A: I would be an infielder for the Racine Belles of the All-American Girls Professional Baseball League: The league was the subject of my first book, A Whole New Ball Game (1993), and I’ve become friends with many of the players. I was especially close to players from the Belles, including Joanne Winter, Betty Trezza, Sophie Kurys, and Maddy English, and I’d love to be able to hang out with them in their prime. Also, Racine was one of the best teams in the All-American and their 14-inning, 1-0 win against the Rockford Peaches in the 1946 championships was considered one of the best games ever played in the league.
Fast Facts with Sue:
Favorite children’s book character: Harriet the Spy
If you could live in any book, what would it be? Time and Again by Jack Finney. I am fascinated by the idea of time travel and would love to visit the Dakota in NY and be transported back to the 1870s.
Favorite food: Aunt Sally’s Praline Pecans
Favorite movie: Sister Act! Strange for a Jewish girl, right? But I watch all or part of it every time it’s on TV. The same with Pretty Woman, but Sister Act is more fun!
Favorite musical artist: I’m really a musical theater lover, so women who can really sing: Barbra Streisand, Idina Menzel, Audra McDonald, Lea Michele. Pop-wise, I like Pink, Fun., the Dixie Chicks, and old school, Carole King.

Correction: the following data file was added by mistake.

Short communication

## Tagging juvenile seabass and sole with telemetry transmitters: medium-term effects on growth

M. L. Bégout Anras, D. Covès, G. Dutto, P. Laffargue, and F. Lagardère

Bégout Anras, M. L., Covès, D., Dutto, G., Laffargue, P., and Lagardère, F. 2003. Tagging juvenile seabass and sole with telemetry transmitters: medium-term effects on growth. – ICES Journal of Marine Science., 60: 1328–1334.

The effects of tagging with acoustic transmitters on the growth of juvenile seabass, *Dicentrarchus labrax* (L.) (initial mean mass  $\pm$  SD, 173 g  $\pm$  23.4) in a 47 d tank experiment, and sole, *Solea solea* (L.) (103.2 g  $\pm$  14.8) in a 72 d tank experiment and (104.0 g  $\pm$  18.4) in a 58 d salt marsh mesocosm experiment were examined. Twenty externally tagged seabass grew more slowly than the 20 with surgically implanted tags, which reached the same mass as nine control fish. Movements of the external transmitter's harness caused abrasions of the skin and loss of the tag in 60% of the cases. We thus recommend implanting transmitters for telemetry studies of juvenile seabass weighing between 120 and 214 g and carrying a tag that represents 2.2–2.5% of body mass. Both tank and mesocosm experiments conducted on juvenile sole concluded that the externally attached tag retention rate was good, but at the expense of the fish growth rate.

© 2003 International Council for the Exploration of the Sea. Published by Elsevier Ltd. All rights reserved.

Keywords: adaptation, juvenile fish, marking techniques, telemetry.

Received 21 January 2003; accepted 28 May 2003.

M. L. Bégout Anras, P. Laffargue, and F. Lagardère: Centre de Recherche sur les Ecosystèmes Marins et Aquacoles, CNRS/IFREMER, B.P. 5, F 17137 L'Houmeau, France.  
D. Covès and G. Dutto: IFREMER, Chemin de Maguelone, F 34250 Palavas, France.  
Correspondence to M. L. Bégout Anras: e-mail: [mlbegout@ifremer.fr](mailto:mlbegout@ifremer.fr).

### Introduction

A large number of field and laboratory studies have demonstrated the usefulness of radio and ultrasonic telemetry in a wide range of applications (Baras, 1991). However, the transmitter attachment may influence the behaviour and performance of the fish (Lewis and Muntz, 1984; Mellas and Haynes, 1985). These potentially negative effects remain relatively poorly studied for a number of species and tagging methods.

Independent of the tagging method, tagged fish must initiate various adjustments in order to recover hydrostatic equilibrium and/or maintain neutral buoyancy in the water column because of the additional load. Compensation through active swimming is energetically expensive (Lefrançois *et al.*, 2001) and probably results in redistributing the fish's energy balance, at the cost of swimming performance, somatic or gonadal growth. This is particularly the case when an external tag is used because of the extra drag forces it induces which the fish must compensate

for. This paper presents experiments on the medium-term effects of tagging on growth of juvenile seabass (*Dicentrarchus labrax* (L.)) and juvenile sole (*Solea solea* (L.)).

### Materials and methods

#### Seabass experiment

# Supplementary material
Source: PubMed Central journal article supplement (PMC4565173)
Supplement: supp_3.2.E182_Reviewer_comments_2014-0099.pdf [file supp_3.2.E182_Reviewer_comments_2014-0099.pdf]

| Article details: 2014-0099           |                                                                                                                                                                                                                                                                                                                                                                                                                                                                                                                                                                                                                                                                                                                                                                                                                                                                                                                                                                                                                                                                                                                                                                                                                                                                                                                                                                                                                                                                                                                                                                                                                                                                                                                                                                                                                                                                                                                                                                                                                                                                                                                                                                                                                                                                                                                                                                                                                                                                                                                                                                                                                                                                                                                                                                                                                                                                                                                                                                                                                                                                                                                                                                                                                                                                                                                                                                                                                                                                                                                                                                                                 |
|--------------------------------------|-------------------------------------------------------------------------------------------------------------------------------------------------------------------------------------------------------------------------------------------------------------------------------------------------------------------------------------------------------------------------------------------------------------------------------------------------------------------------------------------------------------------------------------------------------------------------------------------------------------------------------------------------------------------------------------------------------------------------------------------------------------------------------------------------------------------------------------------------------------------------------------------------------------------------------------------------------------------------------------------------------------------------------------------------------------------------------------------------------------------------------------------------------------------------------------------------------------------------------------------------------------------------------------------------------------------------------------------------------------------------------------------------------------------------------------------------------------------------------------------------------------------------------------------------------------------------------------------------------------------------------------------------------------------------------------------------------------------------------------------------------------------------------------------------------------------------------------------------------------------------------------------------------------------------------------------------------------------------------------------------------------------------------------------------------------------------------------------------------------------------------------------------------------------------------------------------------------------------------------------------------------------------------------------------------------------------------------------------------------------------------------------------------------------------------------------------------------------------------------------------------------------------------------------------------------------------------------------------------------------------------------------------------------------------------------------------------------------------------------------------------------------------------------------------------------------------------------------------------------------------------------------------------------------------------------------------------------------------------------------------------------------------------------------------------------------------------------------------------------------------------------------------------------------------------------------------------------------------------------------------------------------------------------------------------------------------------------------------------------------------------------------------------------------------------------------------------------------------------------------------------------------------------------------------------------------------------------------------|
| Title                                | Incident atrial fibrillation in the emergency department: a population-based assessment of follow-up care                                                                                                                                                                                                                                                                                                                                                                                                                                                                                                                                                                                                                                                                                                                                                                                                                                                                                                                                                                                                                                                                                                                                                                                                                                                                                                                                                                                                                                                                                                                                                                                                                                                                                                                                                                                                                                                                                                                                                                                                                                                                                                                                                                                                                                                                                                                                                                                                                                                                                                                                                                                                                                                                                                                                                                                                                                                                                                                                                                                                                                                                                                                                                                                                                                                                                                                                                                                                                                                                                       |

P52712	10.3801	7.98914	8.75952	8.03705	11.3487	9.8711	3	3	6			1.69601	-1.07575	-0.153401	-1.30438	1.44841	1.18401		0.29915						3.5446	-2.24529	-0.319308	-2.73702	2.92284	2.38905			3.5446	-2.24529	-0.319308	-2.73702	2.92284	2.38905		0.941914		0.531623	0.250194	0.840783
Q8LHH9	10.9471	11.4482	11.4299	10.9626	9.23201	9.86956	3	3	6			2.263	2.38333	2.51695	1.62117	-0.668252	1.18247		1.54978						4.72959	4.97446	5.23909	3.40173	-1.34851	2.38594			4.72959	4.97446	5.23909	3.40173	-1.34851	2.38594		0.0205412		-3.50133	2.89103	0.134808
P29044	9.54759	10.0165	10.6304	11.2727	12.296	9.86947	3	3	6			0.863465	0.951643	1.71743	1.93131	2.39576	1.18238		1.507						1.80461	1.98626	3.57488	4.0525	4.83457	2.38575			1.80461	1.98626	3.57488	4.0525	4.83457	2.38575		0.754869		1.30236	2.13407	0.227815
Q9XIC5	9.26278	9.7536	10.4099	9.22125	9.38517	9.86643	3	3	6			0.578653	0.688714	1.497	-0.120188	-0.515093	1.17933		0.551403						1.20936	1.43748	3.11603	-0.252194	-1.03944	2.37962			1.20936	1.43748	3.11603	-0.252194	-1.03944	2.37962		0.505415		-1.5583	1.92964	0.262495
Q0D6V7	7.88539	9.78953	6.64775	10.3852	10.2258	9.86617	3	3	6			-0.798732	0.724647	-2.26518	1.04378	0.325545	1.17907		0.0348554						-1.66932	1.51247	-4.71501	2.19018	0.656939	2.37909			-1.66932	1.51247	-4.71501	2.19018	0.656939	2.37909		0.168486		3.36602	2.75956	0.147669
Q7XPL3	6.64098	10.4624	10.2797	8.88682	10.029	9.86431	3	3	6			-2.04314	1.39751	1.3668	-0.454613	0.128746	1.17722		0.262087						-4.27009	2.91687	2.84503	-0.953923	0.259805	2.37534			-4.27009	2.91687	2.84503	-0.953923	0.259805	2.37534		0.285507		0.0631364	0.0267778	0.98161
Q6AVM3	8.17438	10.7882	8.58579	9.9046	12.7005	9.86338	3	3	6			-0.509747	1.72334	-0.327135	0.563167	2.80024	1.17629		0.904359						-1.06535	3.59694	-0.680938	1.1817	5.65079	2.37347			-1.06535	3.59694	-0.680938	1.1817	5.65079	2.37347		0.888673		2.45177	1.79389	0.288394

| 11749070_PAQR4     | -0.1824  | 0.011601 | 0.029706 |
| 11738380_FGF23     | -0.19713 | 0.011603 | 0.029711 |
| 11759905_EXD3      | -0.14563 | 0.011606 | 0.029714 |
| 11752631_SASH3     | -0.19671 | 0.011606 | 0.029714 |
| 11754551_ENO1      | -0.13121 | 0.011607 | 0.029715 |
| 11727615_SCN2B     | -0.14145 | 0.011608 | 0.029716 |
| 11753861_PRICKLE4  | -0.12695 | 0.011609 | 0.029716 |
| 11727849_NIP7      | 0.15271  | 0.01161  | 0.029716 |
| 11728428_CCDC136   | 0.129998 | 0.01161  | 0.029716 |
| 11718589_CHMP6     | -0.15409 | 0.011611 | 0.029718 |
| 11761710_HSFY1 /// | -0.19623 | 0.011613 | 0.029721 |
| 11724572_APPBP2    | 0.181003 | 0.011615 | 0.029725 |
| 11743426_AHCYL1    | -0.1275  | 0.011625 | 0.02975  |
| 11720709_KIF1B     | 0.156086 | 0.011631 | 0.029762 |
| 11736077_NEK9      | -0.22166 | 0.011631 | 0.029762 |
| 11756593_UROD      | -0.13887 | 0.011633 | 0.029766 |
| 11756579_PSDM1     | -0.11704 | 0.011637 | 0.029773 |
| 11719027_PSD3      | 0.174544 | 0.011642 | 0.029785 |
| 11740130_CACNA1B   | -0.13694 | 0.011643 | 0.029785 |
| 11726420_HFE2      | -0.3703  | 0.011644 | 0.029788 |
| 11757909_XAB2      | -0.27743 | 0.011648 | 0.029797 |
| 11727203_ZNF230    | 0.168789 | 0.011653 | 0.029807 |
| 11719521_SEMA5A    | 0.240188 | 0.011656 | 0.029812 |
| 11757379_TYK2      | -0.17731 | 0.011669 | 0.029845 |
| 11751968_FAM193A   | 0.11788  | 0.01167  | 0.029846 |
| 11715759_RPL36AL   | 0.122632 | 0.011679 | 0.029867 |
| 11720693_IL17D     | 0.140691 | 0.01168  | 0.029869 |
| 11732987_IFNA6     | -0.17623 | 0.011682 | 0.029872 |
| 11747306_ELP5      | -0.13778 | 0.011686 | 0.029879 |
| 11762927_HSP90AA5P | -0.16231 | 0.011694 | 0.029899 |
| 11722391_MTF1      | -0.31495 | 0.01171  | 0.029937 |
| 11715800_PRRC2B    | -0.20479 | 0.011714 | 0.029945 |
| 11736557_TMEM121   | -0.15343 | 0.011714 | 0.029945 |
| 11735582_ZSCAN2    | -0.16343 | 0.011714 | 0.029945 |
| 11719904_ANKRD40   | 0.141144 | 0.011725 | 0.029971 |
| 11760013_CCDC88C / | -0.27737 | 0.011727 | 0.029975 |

Favorite vacation spot: Vermont
March 13, 2014
Recently Grace Butcher, an Ohio-based poet and writer who contributed four poems and a short story to my book, Girls Got Game, shared an anecdote involving her 11-year-old granddaughter, Kate. It seems that Kate, who lives with her family in New Hampshire, was studying poetry in her fifth-grade class. Her teacher brought in a poem for a lesson on metaphor and noticed that the last name of the poet was the same as Kate’s. “That must be my grandmother,” Kate said. “Is your grandmother a poet?” the teacher asked. “Yes,” said Kate. “Was she a champion runner?” the teacher asked. Kate again replied, “Yes.”
Kate’s teacher was using Grace’s poem “Track,” which has a cheetah metaphor. (“My track shoes turn me into a cheetah….”) Grace’s bio in the book notes that she started running track in 1949, and that she was the U.S. champion in the 800 meters three times.
Since Kate wasn’t even born when Girls Got Game was published in 2001, it’s great that the book has endured. “Kate was so excited—as was I,” Grace told me. “What a neat thing. What are the odds that my poem would turn up in my granddaughter’s classroom in New Hampshire?”
Several of the sports stories and poems from Girls Got Game have found new life beyond that anthology, but none with such charming results as this one. As Grace says, it was a terrific example of synchronicity.
February 3, 2014
Yesterday, the groundhog saw his shadow and predicted six more weeks of winter. Today, that prediction came true with a vengeance. Mother Nature has dumped about five or six inches of snow on Englewood, and it's still coming down. I saw this bike shackled to a pole on a walk to town this morning.
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In 1899, the Automobile Club of France developed rules for auto racing that would be adapted by countries around the world. Among the rules: "Advertisements Prohibited: The cars are not allowed to carry advertisements in races."
—The Motor Age, Vol. II, No. 11